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Public access to private land

Introducing Public Access to Private Land

There are several practical considerations for landowners thinking of introducing public access to private land.

The impact to the capital value of the land

Capital values will often be diminished by introducing public access to private land.  Privacy is often a key driver in purchase decisions, therefore any perceived reduction in privacy could well be mirrored by a reduction in value.  That said, reasons such as diversification into a public facing or trading business can make the introduction of public access financially desirable.

Risk management

The Health and Safety Executive reported that between 2020 and 2021, 11 people were killed by livestock while 2 were killed by falling trees and branches. Careful thought should therefore be given to the level of management required to ensure public access is introduced efficiently, effectively, and safely, including:

  • the assessment of all public access routes / areas for matters such as tree safety
  • the management of members of the public with dogs on land with livestock – particularly so when youngstock are present
  • the quantity, types, and wording of signage and way markers required

Public access options

Having given due consideration to the practical implications of introducing public access, and the desire to do so remains, there are several ways that this can be achieved, depending on the desired outcome for the landowner. Some of the most common ways include:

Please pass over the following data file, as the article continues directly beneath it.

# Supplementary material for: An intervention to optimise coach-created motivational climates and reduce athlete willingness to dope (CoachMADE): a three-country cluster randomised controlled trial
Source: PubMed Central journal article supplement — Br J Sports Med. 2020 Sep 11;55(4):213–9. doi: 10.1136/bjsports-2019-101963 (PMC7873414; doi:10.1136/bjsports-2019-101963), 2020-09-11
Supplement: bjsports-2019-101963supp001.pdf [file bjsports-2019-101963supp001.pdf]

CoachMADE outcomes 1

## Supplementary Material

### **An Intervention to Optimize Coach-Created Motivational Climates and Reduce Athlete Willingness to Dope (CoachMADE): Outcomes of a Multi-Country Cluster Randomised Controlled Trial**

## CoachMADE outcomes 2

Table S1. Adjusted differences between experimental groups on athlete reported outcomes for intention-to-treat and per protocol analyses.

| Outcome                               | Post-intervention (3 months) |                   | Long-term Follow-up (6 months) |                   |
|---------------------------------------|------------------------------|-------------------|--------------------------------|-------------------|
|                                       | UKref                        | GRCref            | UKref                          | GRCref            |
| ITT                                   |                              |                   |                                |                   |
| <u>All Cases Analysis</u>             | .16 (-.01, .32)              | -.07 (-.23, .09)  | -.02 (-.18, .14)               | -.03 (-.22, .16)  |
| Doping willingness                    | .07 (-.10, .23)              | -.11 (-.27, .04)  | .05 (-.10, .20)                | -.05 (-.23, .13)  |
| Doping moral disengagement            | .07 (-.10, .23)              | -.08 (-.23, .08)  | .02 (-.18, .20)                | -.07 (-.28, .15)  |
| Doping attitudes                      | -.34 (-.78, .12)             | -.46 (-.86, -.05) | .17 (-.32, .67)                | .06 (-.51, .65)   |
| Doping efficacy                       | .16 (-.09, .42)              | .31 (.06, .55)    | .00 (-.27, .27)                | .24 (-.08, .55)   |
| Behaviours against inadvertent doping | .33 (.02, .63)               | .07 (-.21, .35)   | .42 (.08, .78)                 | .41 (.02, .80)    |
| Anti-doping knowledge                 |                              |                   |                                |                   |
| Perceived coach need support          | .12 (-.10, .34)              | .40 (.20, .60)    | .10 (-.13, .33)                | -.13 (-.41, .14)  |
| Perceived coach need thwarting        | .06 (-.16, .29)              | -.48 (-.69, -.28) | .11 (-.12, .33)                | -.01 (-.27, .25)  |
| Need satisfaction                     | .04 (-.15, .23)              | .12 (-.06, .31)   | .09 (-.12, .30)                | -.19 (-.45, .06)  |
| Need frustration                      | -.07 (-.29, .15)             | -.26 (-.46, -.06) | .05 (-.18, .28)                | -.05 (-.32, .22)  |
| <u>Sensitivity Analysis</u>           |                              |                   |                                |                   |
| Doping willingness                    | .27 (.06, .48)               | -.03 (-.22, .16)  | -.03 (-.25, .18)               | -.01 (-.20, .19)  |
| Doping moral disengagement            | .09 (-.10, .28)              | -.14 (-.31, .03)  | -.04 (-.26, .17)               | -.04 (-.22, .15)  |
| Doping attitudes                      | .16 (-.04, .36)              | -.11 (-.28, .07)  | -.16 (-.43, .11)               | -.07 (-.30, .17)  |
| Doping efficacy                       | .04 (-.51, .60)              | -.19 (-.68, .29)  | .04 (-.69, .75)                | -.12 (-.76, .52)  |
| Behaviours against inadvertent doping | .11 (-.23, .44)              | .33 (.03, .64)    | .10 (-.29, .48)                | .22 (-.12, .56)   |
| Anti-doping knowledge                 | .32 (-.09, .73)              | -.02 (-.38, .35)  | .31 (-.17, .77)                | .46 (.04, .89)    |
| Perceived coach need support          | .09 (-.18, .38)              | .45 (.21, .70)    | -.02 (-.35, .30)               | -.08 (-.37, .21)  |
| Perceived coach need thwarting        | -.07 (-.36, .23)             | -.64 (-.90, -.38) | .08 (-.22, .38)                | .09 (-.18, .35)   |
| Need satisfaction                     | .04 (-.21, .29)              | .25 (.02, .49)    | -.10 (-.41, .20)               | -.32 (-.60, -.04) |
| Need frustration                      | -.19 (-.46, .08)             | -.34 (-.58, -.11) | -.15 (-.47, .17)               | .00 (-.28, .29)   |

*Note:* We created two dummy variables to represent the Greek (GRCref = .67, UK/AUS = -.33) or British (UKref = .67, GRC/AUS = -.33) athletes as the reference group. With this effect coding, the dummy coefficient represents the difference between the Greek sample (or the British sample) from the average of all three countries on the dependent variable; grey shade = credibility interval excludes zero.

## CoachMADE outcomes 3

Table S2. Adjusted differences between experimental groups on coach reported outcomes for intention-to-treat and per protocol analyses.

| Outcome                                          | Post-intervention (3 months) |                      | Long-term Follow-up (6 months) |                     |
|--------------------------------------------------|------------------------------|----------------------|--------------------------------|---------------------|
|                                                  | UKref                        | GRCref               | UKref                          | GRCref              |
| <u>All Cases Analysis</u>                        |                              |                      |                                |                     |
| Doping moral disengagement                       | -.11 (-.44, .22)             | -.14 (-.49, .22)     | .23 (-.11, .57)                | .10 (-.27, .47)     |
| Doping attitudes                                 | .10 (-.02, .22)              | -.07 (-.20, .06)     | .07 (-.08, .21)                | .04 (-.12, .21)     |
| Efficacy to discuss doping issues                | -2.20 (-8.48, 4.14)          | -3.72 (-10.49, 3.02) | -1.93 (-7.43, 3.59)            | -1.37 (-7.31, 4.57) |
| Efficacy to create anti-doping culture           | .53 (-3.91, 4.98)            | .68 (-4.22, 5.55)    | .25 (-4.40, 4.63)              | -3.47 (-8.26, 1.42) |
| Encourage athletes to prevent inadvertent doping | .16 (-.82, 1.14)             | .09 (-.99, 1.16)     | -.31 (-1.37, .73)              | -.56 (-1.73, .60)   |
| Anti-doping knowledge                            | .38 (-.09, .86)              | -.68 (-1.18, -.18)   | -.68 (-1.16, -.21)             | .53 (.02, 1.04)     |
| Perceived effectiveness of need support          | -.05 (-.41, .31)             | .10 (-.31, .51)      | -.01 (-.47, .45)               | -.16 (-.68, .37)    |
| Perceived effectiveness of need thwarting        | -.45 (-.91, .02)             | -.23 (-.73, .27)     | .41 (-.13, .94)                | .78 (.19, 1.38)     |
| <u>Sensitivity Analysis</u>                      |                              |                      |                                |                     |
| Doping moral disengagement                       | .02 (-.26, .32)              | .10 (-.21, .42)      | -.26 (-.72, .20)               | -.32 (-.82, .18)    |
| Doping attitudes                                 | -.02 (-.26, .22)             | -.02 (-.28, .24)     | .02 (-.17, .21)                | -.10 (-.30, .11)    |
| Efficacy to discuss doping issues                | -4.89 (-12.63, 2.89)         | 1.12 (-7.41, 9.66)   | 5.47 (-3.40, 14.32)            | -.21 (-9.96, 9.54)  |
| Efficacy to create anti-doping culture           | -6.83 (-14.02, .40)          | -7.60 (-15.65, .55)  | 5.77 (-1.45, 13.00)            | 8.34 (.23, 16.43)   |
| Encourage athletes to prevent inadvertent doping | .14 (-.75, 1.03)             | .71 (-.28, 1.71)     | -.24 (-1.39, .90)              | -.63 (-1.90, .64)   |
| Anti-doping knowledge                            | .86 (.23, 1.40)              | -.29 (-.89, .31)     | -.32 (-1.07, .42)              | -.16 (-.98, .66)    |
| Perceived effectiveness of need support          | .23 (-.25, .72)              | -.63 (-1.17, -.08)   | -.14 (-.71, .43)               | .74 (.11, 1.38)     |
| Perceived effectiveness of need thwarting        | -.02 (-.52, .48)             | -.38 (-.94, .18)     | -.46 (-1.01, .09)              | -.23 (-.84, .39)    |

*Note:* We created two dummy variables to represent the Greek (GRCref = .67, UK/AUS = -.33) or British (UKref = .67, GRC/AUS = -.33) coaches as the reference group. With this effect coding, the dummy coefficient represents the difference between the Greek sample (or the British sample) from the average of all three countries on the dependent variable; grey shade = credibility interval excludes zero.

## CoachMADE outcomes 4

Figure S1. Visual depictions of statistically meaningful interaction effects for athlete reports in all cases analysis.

• Dedicating land as public open access

Once a parcel of land is dedicated as public open access, there are no restrictions over where members of the public can access.

  • Creating statutory public rights of way

A statutory right of way allows members of the public to take access but restricts that access to specific routes.  Landowners can apply for temporary closures of these rights of way; however, the applications have an accompanying fee and the length of time that the closure can be for will be determined by the County Council or Unitary Authority.

  • Creating permissive rights of way

Much like statutory public rights of way, permissive rights of way restrict access to specific routes.  Though as they are permissive, they can be closed or varied at the landowner’s discretion without having to pay a fee or apply to the County Council or Unitary Authority.

A word to the wise!

Once land is dedicated as public open access, or statutory public rights of way are created, the legal maxim of ‘once a right of way always a right of way’ comes into force.  Therefore, careful consideration must be given to which of the above approaches to take, as such changes cannot be reversed or easily altered.

For further advice regarding allowing public access to private land, please do not hesitate to contact us.

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